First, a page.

What is Emergency Management?

The process of emergency management involves five phases:  prevention, preparedness, response, recovery, and mitigation.


Prevention is the actions taken to decrease the likelihood that an event or crisis will occur.  This includes the identification of hazards, the assessment of threats to life and property, and the taking of measures to reduce potential loss of life and property damage.


The preparedness phase involves activities undertaken in advance of an emergency. Anticipating what can go wrong, determining effective responses, and developing preparation of resources are critical steps in preparing for the unexpected. Common preparedness measures include:

  • communication plans with easily understandable terminology and methods.
  • proper maintenance and training of emergency services, including mass human resources such as community emergency response teams.
  • development and exercise of emergency population warning methods combined with emergency shelters and evacuation plans.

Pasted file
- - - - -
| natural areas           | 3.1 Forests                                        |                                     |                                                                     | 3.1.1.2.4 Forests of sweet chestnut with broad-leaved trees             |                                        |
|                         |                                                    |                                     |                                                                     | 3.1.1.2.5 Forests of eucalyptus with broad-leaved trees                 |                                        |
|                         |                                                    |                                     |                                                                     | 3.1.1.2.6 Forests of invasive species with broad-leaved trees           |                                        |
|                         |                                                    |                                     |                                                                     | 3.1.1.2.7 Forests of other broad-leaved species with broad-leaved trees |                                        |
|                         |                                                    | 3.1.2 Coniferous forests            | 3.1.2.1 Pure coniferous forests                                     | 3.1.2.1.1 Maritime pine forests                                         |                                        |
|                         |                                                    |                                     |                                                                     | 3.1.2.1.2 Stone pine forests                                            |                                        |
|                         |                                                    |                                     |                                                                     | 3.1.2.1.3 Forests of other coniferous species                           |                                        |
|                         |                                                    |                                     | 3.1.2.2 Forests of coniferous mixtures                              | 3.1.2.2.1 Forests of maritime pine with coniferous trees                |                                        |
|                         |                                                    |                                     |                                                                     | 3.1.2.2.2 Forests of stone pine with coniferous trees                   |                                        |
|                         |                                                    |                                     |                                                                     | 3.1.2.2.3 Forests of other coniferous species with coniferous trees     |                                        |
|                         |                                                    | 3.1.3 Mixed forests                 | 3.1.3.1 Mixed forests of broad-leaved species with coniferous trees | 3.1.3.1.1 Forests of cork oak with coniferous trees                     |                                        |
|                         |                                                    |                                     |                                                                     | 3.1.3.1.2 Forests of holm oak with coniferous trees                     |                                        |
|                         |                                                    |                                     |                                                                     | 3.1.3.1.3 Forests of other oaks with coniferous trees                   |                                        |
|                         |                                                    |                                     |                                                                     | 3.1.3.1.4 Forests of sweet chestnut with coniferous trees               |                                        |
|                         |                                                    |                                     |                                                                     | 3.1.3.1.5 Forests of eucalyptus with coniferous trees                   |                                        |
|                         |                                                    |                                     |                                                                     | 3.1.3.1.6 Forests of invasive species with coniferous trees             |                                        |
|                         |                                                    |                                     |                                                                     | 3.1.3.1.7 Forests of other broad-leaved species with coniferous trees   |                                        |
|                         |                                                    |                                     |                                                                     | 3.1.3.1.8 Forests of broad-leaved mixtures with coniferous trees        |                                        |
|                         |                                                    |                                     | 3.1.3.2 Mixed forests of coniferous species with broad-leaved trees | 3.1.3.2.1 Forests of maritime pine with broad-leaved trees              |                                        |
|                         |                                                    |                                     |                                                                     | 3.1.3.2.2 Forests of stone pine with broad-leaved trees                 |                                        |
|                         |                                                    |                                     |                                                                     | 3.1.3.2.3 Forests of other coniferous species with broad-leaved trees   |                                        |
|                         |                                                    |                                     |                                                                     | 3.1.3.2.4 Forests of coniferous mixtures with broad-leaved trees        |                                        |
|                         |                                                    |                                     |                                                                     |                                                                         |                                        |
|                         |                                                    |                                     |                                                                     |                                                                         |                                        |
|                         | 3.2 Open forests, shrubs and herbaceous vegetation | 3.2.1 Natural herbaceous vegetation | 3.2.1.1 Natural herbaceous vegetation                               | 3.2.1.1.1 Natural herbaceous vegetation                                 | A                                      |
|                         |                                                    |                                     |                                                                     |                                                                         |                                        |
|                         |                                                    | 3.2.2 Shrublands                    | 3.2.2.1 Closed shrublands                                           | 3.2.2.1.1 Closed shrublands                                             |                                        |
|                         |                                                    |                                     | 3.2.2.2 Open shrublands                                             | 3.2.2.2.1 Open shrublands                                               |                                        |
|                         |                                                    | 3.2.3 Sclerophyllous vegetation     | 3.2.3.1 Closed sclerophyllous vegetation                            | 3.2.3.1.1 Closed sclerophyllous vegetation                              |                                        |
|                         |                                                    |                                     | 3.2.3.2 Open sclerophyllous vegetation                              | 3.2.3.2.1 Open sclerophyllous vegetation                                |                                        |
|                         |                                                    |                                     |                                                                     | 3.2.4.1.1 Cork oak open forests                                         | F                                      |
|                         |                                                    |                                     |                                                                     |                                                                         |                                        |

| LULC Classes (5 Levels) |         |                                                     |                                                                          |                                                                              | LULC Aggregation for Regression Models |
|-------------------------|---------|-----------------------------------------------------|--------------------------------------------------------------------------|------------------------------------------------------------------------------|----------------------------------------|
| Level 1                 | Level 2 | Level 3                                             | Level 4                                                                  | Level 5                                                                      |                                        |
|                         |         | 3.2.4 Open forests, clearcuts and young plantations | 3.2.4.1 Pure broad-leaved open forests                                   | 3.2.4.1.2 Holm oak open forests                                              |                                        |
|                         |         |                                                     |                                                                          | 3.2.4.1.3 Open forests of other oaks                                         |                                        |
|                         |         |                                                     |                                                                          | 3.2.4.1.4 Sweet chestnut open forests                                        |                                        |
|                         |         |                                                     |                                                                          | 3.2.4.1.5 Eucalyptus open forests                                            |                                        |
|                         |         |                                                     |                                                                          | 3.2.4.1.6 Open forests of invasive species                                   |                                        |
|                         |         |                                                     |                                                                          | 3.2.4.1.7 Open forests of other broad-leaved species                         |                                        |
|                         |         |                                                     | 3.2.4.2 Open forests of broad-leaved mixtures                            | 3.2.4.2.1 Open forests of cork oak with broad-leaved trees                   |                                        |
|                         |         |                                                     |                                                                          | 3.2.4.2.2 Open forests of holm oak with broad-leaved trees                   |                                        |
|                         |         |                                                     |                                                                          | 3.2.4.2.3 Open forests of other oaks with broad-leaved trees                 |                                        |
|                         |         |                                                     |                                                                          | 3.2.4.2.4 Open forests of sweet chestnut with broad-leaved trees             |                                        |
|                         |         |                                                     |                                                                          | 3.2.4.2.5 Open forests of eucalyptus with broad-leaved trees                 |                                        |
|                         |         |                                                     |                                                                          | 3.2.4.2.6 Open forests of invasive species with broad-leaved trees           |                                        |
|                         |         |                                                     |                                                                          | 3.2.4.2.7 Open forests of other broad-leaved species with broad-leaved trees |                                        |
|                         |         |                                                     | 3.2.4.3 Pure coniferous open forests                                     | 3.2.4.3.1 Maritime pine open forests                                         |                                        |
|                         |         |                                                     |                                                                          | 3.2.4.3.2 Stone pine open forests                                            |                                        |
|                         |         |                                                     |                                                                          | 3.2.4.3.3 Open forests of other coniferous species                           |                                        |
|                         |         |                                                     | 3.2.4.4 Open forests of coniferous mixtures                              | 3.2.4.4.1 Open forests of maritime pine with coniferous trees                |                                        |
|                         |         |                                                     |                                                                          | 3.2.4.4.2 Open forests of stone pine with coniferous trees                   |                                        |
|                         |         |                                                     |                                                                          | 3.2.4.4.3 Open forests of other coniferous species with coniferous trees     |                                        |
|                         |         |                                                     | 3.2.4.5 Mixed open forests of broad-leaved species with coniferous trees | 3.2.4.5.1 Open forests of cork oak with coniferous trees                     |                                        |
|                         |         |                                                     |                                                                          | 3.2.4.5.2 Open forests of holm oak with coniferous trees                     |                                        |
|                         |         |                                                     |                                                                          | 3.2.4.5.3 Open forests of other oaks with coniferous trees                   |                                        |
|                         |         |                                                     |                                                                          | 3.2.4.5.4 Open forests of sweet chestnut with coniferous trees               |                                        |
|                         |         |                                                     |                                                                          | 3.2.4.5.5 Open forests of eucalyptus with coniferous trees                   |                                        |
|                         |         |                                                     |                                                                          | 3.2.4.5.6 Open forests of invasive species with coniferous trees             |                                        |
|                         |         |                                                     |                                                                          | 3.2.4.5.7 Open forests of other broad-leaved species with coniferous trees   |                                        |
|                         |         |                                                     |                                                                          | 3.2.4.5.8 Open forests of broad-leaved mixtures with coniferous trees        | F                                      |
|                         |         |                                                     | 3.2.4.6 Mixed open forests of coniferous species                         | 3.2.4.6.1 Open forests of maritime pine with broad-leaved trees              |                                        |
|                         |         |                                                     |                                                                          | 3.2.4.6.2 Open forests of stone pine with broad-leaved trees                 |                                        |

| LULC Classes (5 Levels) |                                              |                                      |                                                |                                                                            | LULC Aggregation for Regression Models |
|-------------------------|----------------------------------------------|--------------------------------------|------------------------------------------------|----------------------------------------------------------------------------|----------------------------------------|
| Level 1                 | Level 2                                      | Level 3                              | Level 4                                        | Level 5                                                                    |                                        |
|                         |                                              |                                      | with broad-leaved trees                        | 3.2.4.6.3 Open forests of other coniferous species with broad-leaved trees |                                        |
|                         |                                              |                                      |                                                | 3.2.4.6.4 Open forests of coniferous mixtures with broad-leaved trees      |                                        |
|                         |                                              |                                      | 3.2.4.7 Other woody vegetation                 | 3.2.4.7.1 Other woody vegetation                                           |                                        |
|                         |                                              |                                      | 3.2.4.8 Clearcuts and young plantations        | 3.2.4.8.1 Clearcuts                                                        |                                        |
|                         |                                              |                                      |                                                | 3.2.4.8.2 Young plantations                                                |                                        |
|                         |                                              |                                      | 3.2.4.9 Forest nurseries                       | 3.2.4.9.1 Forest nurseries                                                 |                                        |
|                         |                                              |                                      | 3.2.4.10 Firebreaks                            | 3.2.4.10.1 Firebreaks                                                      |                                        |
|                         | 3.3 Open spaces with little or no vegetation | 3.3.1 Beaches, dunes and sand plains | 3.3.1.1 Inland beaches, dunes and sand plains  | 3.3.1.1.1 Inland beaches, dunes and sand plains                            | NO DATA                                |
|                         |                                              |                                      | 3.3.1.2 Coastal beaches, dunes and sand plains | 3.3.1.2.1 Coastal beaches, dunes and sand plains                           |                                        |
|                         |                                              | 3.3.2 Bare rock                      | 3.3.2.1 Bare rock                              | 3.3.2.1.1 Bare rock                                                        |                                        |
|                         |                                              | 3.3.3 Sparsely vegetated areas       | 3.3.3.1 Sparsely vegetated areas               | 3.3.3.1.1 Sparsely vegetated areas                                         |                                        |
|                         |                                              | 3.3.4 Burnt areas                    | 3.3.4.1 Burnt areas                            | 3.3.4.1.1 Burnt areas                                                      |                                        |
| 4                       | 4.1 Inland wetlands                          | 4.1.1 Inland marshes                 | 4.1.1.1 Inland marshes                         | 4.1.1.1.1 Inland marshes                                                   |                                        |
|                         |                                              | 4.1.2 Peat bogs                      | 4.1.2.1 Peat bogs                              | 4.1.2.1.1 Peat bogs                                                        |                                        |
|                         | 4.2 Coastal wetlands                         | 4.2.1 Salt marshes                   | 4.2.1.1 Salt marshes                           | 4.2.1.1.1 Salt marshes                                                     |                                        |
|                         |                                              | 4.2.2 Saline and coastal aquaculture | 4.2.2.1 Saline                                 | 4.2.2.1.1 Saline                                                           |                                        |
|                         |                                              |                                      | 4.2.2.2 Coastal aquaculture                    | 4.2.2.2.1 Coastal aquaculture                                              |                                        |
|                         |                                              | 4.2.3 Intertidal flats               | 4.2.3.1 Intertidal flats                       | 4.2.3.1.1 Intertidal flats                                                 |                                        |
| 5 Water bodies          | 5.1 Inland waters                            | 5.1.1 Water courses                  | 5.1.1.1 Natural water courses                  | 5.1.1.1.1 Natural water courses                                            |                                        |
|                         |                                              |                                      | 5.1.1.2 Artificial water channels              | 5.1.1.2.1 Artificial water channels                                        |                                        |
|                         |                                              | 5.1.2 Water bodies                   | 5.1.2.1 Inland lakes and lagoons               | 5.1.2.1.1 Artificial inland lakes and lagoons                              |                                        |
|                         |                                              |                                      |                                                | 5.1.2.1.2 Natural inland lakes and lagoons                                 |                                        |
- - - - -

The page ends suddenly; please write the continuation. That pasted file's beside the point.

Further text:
• stockpiling, inventory, and maintain disaster supplies and equipment
  • develop organizations of trained volunteers among civilian populations.


Response activities address the immediate and short-term effects of an emergency or disaster. These activities reduce personal injuries, casualties, damage to property, and reduce recovery time. The response phase may include actions to effectively contain and resolve an emergency incident. During the response phase the EOP is activated.


The aim of the recovery phase is to restore the affected area to its previous state. It differs from the response phase in its focus; recovery efforts are concerned with issues and decisions that must be made after immediate needs are addressed. Recovery efforts are primarily concerned with actions that involve rebuilding destroyed property, re-employment, and the repair of other essential infrastructure.


Mitigation is preventing future emergencies or minimizing their effects. Mitigation actions include activities that are designed to reduce or eliminate risks to persons or property or to lessen the actual or potential effects or consequences of an incident.